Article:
Nice articles: 

DNA seen through the eyes of a coder (or, If you are a hammer, everything looks like a nail) https://berthub.eu/articles/posts/amazing-dna/

DNA and RNA Basics: Replication, Transcription, and Translation https://www.visiblebody.com/blog/dna-and-rna-basics-replication-transcription-and-translation 

Sources: 

https://deepmind.com/blog/article/AlphaFold-Using-AI-for-scientific-discovery
https://www.nature.com/articles/s41586-019-1923-7.epdf?author_access_token=Z_KaZKDqtKzbE7Wd5HtwI9RgN0jAjWel9jnR3ZoTv0MCcgAwHMgRx9mvLjNQdB2TlQQaa7l420UCtGo8vYQ39gg8lFWR9mAZtvsN_1PrccXfIbc6e-tGSgazNL_XdtQzn1PHfy21qdcxV7Pw-k3htw%3D%3D

AlphaFold GitHub: https://github.com/deepmind/deepmind-research/tree/master/alphafold_casp13 

https://en.wikipedia.org/wiki/AlphaFold

It’s the attention, stupid!

For more than 50 years, the Muppets from Sesame Street taught children their language. Now, it’s time for Elmo, Bert and their friends to teach their wisdom to adults. As Sesame Street ended, they had to find a new job. With a CV that many starters would drool over with more than five decades of experience, the obvious step was staying in the education sector. ELMo [1], BERT [2], Big BIRD [3], ERNIE [4], and KERMIT [5] have all found their place in Natural Language Processing (NLP). Unfortunately, Cookie Monster had a different passion.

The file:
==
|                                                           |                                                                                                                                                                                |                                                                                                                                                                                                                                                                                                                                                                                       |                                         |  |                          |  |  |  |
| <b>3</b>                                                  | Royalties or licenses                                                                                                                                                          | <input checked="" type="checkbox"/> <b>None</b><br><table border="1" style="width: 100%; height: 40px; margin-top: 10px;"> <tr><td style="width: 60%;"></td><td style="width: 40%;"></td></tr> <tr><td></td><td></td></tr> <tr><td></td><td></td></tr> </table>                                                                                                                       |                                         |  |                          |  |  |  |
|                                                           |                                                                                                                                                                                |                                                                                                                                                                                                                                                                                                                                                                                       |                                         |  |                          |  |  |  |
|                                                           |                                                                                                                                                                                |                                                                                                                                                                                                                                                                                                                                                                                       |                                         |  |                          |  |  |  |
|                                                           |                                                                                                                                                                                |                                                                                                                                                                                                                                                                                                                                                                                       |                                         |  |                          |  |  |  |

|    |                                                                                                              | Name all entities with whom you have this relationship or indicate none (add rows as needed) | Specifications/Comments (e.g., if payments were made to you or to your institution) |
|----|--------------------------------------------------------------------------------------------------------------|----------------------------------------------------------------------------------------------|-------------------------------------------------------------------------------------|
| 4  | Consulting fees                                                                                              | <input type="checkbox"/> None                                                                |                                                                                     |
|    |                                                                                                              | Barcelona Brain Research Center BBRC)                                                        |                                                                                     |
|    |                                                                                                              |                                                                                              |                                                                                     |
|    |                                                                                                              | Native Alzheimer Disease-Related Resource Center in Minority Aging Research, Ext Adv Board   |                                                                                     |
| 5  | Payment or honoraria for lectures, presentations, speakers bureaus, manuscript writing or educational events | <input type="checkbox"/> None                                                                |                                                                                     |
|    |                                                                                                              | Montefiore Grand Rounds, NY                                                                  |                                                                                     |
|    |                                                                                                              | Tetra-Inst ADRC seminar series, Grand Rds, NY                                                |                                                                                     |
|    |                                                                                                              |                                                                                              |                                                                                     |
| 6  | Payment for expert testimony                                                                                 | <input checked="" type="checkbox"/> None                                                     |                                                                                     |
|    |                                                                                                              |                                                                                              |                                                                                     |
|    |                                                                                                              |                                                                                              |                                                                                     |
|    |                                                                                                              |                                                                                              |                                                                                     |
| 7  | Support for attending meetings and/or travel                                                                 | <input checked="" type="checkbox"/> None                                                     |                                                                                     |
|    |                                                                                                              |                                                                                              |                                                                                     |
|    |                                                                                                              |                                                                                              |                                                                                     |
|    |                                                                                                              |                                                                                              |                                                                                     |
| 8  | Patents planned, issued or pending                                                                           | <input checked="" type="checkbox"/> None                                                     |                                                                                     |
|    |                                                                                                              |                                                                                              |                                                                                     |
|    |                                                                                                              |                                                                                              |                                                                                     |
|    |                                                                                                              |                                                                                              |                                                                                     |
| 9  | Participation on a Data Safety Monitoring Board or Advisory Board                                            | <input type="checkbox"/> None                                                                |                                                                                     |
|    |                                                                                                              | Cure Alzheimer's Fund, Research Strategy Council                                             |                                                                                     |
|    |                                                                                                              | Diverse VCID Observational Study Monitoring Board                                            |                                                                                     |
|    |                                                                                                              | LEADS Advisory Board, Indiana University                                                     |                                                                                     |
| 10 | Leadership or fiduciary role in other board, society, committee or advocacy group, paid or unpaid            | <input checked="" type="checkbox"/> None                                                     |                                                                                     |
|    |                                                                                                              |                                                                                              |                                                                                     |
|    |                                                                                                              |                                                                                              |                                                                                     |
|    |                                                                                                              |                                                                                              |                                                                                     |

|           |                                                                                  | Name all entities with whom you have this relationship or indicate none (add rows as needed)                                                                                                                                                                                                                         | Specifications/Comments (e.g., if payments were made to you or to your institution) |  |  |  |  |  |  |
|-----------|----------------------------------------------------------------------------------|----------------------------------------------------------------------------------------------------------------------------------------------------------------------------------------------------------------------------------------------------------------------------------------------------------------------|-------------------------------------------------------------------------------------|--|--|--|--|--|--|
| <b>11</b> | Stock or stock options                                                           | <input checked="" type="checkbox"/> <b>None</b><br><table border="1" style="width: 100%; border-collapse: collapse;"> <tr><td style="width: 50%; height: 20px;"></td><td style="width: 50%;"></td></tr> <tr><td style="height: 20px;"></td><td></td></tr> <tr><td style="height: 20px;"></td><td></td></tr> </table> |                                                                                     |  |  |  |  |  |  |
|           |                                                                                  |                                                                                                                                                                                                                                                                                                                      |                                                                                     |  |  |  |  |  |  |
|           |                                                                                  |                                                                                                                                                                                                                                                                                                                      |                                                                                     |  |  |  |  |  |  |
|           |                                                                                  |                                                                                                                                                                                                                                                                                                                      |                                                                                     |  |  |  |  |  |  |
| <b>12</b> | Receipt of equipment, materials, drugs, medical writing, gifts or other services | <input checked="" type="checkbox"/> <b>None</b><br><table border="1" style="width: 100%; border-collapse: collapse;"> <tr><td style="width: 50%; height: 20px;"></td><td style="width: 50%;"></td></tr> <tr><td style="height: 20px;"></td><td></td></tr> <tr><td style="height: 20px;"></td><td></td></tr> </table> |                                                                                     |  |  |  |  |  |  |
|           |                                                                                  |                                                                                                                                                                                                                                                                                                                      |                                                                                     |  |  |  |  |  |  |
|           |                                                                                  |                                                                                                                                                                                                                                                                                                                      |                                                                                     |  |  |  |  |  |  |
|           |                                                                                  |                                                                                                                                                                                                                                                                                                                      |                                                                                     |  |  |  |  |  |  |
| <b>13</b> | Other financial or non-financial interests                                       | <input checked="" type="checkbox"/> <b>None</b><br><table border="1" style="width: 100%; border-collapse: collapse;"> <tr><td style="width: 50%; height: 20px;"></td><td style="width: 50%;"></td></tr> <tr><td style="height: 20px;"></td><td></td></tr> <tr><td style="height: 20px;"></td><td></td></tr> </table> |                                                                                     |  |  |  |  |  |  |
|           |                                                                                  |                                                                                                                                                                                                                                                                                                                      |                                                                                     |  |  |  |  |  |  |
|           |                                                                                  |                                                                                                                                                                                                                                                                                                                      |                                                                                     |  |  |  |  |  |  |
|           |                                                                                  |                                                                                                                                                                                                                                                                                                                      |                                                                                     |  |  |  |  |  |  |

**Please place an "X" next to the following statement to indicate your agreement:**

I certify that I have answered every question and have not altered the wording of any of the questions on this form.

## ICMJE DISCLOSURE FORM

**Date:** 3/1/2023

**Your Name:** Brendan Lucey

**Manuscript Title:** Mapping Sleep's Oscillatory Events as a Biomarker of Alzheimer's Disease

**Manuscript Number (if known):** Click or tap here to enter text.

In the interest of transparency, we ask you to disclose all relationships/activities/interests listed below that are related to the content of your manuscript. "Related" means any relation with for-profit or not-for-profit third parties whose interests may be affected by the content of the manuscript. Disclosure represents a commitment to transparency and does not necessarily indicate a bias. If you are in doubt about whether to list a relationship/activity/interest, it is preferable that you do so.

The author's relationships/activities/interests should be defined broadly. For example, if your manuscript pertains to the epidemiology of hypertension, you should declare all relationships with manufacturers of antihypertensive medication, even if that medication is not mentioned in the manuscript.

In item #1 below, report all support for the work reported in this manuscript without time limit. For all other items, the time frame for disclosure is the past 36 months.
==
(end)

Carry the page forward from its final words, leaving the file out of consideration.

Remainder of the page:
These are not just names of the Muppets, but also names for a new type of deep learning model called transformers [6]. Transformers have caught the scene by storm. Since 2017, they have been the go-to for language models to work on. And researchers like to have a little fun by naming their models to muppets. Transformers are interesting, because it uses many techniques that soften the issues that previous language models suffered from. In this blog, we’ll go over how we got to this point, how transformers work and why transformers are hyped up so much.

Pre-transformation

For a history rundown on how we got to this point, there’s plenty of resources. But, because it is important to know why the steps that were taken to get us to transformers, I will give a little more context. Let’s go through a sentence together:

“Big Bird is a character from Sesame Street. He has yellow fur and is quite big”